‘See You in Montevideo’: Palm Springs International Film Festival Review

See You in Montevideo Still - H 2014
Branimir Milovanovic

See You in Montevideo Still - H 2014

World Cup completists won’t want to miss this.

Sports melodrama memorializes long-ago Yugoslavian soccer victory in obsessive detail

It’s rare that a sequel gets submitted for foreign-language film Oscar consideration, as Serbia has done with the follow-up to its 2011 contender Montevideo: Taste of a Dream. Sentimentally inclined and indulgently drawn out, See You in Montevideo’s celebration of an obscure World Cup soccer triumph for the former Yugoslavia isn’t likely to garner much attention in an awards contest dominated by strong entries, particularly from Europe.

Even the decision to offer a sports feature with a narrative arc substantially similar to its predecessor, along with an almost identical above-the-line package, demonstrates a level of disconnect that won’t impress Academy voters — if they get around to considering the film at all. While Taste of a Dream was concerned with the recruitment and training of the Yugoslavian national soccer team that competed in the first World Cup, See You in Montevideo gets into the thick of the rivalry displayed at the 1930 championship tournament.

After a long overland train journey and a rough Atlantic crossing, the star-crossed players arrive in Uruguay’s capital of Montevideo. Despite their swollen sense of national pride, the squad and their management are crestfallen to discover there’s very little fanfare greeting the World Cup participation of their relatively obscure European team. Their manager, Andrejevic (Vojin Cetkovic), tries to rally the players after they’re unceremoniously consigned to a shabby hotel with intermittent electrical service in a sketchy district of the city, but the young men are constantly distracted by the unfamiliar South American sights, particularly some of the lovely local ladies.

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Croatian transplant Paco (Branko Duric) befriends the team’s young assistant Stanoje (Predrag Vasic) as he helps them all get settled, and once the players get out on the field, a sense of normalcy returns. Mosa (Petar Strugar), however, schemes to devise a plan to grab the attention of American soccer recruiter Hotchkins (Armand Assante), who’s made the journey to put together an all-star team for his New York club by underhandedly cherry-picking the best players from each national team. Lovelorn Tirke (Milos Bikovic) falls fast and hard for Dolores (Elena Martinez), an attractive street vendor with an aggressively protective brother, launching a risky love affair. The Yugoslavians pull together, however, when they draw a first-round match against Brazil, improbably besting one of the world’s top teams in an historic game.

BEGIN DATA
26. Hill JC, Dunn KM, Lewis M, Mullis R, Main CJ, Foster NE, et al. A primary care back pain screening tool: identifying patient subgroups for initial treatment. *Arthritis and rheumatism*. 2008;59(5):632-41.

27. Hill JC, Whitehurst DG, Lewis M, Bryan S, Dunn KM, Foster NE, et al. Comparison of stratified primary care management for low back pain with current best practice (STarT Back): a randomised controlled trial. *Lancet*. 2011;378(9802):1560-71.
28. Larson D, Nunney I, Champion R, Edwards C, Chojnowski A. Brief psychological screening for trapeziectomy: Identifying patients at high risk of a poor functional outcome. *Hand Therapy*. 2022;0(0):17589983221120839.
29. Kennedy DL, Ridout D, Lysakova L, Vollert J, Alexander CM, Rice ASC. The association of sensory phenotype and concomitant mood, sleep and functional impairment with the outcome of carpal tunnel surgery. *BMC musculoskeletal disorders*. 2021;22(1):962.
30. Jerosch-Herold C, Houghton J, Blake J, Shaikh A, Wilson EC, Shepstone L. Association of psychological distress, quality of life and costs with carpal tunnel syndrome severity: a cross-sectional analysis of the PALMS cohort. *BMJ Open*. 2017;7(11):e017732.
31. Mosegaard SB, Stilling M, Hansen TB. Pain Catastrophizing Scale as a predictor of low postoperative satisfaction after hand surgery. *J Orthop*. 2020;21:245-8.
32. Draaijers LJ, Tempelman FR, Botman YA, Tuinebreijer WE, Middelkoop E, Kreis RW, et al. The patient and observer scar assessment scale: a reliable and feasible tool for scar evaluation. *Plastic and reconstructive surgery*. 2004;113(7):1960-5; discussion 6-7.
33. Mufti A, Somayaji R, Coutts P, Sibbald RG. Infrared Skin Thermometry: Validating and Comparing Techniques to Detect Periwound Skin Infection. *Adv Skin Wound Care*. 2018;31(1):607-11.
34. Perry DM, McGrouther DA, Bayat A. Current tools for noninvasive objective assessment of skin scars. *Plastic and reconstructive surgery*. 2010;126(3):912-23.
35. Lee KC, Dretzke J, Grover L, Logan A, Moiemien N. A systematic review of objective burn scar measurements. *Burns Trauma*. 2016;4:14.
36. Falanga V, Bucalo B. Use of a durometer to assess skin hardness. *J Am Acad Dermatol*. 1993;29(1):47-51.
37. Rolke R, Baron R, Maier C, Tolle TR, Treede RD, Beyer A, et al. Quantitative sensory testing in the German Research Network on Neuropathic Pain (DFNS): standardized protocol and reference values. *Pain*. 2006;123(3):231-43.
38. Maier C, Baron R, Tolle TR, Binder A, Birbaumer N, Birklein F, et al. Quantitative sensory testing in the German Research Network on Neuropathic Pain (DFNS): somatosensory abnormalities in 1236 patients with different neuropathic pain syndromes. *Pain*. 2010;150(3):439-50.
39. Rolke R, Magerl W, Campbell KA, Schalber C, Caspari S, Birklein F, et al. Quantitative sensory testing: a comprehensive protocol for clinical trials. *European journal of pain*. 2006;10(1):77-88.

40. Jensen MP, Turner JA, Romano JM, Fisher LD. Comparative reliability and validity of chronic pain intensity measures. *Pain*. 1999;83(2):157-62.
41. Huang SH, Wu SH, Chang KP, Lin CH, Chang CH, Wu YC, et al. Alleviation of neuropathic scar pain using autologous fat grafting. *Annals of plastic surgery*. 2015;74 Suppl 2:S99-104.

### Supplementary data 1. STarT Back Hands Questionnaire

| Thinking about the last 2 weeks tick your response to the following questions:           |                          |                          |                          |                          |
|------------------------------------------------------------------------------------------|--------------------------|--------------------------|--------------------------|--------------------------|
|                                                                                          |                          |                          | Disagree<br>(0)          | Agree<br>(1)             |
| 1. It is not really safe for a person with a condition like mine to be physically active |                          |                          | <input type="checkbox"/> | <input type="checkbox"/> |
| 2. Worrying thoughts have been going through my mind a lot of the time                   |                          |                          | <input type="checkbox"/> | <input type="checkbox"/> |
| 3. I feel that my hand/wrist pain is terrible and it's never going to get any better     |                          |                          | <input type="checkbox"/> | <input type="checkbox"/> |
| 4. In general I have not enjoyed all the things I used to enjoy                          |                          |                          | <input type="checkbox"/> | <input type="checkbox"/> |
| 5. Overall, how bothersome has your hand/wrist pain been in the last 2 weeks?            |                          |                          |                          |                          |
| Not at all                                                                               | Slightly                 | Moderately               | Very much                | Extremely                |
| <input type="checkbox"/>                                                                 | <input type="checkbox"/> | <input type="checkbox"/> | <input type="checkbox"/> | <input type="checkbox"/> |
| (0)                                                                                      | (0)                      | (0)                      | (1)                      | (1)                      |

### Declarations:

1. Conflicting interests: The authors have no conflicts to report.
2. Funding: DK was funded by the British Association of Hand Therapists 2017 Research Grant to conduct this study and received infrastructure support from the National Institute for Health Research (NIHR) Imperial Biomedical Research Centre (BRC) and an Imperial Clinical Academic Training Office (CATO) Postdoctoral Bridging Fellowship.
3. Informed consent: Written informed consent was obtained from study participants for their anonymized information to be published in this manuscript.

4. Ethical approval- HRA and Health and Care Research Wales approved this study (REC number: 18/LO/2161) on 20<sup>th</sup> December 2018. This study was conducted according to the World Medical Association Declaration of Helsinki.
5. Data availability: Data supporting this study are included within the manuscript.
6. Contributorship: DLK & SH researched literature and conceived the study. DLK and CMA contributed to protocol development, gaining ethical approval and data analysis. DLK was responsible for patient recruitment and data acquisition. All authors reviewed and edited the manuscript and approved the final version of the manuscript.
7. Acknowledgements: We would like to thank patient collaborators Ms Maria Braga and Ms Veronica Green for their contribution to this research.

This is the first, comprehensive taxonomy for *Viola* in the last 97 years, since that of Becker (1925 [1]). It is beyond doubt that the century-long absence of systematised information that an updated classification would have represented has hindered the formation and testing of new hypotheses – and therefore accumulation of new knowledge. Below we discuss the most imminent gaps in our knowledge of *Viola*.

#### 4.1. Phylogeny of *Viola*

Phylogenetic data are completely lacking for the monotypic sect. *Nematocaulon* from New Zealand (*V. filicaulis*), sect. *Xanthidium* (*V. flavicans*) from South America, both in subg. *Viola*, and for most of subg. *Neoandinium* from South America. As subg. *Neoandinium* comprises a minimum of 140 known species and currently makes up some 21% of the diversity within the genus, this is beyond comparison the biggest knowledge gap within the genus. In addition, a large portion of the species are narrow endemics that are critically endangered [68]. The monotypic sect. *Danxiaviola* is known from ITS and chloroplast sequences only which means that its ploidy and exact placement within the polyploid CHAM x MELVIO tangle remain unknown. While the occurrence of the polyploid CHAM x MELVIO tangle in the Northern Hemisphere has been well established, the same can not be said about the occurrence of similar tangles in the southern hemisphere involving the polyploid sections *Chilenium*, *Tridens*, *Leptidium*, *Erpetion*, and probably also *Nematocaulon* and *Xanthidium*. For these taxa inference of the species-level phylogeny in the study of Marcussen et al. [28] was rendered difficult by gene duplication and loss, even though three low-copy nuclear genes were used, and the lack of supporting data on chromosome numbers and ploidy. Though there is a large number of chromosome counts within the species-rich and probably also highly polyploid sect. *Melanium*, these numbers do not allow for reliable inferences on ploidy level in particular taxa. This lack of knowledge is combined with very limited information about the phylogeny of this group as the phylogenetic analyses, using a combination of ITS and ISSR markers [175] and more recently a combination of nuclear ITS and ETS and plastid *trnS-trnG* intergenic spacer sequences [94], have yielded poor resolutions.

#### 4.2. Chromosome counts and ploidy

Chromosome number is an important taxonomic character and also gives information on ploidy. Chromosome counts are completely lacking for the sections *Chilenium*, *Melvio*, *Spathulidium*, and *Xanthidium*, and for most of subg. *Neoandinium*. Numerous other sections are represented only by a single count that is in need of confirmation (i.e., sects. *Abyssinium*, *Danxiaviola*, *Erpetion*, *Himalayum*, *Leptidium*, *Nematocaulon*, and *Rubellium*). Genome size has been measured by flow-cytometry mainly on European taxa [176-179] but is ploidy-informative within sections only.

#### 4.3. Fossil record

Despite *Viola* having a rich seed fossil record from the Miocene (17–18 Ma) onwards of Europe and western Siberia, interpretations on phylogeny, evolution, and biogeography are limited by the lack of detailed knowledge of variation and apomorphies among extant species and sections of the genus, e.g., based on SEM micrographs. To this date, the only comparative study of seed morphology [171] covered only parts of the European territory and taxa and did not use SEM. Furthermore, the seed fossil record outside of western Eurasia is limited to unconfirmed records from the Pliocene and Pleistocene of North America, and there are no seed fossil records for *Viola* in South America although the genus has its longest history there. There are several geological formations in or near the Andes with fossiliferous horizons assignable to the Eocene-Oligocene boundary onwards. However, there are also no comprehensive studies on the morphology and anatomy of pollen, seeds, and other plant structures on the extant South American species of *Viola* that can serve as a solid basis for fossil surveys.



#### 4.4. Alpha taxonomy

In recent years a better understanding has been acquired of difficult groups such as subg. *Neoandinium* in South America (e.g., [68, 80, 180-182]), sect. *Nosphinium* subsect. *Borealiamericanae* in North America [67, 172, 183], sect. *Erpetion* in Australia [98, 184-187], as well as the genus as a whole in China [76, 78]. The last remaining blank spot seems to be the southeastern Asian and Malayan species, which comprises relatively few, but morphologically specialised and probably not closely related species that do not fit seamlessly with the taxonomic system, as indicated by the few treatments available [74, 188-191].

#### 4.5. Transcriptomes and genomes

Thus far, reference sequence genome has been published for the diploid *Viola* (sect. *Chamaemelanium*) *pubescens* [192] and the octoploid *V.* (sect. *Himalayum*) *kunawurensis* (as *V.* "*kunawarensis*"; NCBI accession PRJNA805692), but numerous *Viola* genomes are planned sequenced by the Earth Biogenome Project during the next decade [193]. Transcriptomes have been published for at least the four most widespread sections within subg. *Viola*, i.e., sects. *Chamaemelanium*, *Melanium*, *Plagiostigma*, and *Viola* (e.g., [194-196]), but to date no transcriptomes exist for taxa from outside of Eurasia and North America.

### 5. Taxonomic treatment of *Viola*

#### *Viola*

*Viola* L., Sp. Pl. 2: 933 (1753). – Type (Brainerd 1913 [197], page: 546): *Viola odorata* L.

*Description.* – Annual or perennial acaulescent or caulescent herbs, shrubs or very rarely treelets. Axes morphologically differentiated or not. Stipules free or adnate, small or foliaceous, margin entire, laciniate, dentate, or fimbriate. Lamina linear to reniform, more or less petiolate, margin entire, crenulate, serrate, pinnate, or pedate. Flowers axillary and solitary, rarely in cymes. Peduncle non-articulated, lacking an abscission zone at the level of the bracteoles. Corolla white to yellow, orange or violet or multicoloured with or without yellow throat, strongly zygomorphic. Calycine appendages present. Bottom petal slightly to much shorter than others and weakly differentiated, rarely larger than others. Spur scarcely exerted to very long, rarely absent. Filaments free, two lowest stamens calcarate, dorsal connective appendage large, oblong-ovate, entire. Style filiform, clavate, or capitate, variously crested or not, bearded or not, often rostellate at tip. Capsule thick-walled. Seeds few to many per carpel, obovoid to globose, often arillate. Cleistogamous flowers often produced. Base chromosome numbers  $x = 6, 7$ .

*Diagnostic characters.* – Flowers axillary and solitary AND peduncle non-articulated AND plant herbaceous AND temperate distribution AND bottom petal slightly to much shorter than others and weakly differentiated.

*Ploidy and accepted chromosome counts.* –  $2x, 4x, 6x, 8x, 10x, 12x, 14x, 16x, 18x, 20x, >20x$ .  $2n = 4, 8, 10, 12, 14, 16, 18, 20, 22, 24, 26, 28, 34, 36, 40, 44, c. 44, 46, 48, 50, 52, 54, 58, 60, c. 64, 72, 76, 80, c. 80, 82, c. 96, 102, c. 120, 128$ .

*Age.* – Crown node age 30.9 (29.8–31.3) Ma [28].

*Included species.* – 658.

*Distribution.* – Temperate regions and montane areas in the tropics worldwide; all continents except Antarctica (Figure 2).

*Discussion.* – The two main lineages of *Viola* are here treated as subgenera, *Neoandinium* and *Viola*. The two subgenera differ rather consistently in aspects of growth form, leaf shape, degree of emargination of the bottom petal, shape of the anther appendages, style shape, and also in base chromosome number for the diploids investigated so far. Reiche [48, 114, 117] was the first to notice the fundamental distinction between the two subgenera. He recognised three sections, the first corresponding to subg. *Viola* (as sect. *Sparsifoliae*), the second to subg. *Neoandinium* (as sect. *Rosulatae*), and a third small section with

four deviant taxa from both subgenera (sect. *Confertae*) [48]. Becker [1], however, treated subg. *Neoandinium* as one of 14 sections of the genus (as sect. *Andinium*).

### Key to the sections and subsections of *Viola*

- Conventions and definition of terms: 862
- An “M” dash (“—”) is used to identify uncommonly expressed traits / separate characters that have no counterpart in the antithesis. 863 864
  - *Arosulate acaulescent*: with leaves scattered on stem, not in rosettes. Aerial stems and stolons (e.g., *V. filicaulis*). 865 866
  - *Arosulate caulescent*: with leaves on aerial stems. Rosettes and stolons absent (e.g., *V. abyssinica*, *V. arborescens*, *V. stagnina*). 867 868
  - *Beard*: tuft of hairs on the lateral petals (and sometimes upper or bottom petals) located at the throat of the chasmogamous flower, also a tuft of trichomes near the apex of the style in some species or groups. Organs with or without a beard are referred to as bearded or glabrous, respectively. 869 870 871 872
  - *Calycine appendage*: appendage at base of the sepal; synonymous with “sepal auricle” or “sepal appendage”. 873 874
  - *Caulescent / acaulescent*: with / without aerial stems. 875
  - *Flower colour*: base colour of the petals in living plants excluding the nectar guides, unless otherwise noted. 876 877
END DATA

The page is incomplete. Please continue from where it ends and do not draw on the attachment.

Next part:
Suddenly the toast of Montevideo, the players relocate to the city’s best hotel while Mosa, Tirke and several others begin negotiations with Hotchkins while preparing for their next game against Bolivia. Boosted by the momentum of their win against Brazil, the Europeans emerge triumphant again, stoking the city’s pro-Yugoslavian sentiment. The celebrating dissipates, however, when they’re matched up with Uruguay in the semifinals and suddenly face increasing hostility. Whether the team can pull together to qualify for the finals will depend as much on the quality of their play as on the waning support of their hosts.

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Based on the best-selling book by Vladimir Stankovic, the sequel is again narrated by orphaned teen Stanoje, a crippled innocent who regards his sports heroes with complete awe. A similar attitude pervades the entire film, lending the narrative and performances a tiresome degree of unmitigated reverence, deliberately crafted by writer-director Dragan Bjelogrlic and his co-scripters.

Distinctive performances are subsumed in service to the heroic narrative, though Bikovic comes across sturdily enough, except perhaps when Tirke is making puppy eyes at Dolores, interpreted with refreshing verve by Martinez. The rivalry between Tirke and Mosa seems unduly contrived, however, and predictably underplayed when the team takes to the pitch against their South American rivals. Assante makes an appropriately conniving sports manager, though his ultimate motivations remain rather murky.

Bjelogrlic and DP Goran Volarevic dynamically re-enact the historic soccer matches, effectively capturing the excitement of the first global tournament, but they revert to an overly self-conscious style during more dramatic passages. Production design by Goran Joksimovic and Nemanja Petrovic persuasively re-creates period settings and details that help sustain interest when the action slackens somewhat.

Production company: InterMediaNetwork

Cast: Milos Bikovic, Petar Strugar, Armand Assante, Viktor Savic, Elena Martinez, Branko Duric, Predrag Vasic

Director: Dragan Bjelogrlic

Screenwriters: Ranko Bozic, Dimitrije Vojnov, Dragan Bjelogrlic

Producer: Dejan Petrovic

Executive producer: Goran Bjelorlic

Director of photography: Goran Volarevic

Production designers: Goran Joksimovic, Nemanja Petrovic

Costume designer: Dragica Lausevic

Editors: Petar Markovic, Svetolik Zajc, Dejan Urosevic

Music: Magnifico, Luz Casal

No rating, 144 minutes